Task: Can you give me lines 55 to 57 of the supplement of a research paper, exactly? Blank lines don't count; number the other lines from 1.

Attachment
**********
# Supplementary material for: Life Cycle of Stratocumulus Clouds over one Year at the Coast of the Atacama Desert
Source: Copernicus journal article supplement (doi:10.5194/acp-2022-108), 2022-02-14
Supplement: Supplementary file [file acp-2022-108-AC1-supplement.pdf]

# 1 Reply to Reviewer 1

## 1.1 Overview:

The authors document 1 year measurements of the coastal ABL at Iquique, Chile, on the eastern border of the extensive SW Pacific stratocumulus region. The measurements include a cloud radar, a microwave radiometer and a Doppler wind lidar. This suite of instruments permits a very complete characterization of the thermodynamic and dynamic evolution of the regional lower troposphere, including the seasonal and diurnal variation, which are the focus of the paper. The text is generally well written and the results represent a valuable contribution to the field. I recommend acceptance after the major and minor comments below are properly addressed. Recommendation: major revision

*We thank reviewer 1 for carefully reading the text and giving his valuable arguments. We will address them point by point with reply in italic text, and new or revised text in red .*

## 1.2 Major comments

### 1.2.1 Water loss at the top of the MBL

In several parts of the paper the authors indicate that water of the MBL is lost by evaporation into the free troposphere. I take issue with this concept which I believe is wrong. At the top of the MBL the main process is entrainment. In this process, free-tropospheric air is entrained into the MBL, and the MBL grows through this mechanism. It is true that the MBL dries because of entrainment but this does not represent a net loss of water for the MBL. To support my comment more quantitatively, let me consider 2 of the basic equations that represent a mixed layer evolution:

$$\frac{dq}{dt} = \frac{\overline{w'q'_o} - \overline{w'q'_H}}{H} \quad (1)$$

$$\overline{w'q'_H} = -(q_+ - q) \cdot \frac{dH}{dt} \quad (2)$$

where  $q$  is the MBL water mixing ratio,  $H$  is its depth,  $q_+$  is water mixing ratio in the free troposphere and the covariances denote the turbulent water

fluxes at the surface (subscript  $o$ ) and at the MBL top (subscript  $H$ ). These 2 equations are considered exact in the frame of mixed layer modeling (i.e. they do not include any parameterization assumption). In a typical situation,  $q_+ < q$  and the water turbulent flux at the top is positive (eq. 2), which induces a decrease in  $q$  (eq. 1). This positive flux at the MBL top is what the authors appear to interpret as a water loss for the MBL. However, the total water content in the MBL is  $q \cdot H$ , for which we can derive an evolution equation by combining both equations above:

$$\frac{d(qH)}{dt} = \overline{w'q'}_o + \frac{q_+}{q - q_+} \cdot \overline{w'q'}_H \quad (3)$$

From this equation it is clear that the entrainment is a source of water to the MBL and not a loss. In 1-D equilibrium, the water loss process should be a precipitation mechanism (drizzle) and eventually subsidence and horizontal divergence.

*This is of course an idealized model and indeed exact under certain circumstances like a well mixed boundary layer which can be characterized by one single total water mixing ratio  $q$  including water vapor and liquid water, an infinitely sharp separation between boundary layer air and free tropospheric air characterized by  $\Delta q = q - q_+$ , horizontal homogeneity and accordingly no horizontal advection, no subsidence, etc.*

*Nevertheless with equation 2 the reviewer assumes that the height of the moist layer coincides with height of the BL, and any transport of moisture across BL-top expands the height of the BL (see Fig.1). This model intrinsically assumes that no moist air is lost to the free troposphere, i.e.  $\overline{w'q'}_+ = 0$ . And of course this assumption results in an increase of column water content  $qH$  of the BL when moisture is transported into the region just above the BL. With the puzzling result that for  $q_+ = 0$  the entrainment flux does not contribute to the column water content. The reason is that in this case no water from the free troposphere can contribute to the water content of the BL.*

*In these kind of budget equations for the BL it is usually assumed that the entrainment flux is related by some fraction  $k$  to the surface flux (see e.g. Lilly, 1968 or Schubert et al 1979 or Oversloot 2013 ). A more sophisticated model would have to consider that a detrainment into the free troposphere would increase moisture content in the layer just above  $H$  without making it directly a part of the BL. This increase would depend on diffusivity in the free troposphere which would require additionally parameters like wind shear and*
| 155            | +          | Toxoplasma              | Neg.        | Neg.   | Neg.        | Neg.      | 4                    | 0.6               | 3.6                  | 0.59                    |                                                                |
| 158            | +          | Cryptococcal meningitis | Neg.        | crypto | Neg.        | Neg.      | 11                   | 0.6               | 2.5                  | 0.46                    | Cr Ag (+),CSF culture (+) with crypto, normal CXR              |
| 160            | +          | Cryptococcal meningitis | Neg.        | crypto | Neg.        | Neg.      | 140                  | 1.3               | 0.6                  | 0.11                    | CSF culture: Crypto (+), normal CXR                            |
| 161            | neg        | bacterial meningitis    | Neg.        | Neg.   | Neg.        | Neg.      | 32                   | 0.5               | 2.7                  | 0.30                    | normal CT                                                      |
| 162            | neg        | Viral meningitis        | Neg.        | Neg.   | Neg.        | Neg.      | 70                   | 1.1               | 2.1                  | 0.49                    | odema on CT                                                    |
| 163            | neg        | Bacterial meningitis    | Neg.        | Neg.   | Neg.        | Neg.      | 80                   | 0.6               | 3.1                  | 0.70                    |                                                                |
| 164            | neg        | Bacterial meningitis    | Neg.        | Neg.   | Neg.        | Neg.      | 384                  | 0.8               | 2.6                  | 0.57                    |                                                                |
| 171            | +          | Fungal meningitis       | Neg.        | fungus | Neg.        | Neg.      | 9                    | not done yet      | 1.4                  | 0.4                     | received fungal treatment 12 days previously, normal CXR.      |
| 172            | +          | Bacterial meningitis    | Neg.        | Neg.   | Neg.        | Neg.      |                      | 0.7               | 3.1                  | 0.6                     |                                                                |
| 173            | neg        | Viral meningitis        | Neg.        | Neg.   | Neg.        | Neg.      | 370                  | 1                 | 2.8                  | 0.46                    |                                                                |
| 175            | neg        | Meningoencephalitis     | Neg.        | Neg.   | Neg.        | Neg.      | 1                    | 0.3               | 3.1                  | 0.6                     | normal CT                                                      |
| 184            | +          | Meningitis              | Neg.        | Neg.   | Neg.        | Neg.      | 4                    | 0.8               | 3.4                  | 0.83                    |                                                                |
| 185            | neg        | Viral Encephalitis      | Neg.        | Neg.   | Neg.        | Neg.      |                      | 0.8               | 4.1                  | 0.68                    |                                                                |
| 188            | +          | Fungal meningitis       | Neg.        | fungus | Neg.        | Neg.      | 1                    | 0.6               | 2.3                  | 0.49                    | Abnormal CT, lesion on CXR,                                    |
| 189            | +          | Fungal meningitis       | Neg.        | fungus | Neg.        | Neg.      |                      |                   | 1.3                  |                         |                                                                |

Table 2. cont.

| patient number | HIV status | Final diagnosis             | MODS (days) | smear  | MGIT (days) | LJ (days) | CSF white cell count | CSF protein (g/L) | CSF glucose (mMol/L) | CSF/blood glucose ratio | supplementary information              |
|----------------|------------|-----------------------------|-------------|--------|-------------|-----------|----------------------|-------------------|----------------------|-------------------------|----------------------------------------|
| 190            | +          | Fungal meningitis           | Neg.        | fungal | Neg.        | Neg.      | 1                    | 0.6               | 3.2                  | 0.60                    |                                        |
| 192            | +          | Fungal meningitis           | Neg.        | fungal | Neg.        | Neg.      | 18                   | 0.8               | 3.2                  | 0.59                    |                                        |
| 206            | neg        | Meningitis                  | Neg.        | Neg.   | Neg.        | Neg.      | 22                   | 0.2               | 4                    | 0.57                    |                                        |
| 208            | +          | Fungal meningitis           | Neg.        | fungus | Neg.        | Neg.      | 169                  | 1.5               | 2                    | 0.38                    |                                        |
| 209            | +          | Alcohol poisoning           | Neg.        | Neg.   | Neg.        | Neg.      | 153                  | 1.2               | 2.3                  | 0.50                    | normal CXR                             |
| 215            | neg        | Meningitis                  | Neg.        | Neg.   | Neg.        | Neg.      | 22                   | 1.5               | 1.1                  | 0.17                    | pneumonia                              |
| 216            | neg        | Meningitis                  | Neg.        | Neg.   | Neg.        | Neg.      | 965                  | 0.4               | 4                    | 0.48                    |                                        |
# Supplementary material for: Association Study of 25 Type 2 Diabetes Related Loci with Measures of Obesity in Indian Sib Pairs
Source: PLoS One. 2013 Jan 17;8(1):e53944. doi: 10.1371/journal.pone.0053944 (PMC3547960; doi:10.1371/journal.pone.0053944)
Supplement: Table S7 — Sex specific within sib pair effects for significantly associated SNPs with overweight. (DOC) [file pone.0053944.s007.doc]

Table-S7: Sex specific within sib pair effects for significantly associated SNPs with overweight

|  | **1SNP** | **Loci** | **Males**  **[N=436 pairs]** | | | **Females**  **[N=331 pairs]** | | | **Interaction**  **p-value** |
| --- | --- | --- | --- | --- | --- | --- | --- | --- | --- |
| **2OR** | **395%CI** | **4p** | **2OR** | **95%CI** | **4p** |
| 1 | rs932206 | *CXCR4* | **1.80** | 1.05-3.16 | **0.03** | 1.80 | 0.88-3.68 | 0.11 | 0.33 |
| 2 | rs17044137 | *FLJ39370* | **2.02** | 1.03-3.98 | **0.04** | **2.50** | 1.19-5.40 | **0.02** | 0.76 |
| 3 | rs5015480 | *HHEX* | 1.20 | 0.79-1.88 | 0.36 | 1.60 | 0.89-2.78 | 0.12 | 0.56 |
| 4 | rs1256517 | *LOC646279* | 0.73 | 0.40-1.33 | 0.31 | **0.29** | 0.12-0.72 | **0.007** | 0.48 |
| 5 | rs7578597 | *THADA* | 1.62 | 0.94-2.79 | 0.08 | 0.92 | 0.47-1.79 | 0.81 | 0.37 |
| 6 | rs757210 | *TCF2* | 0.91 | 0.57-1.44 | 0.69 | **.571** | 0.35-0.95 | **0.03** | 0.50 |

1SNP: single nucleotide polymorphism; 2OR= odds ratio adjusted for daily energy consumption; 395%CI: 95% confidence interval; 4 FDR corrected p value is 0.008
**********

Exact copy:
| 4 | rs1256517 | *LOC646279* | 0.73 | 0.40-1.33 | 0.31 | **0.29** | 0.12-0.72 | **0.007** | 0.48 |
| 5 | rs7578597 | *THADA* | 1.62 | 0.94-2.79 | 0.08 | 0.92 | 0.47-1.79 | 0.81 | 0.37 |
| 6 | rs757210 | *TCF2* | 0.91 | 0.57-1.44 | 0.69 | **.571** | 0.35-0.95 | **0.03** | 0.50 |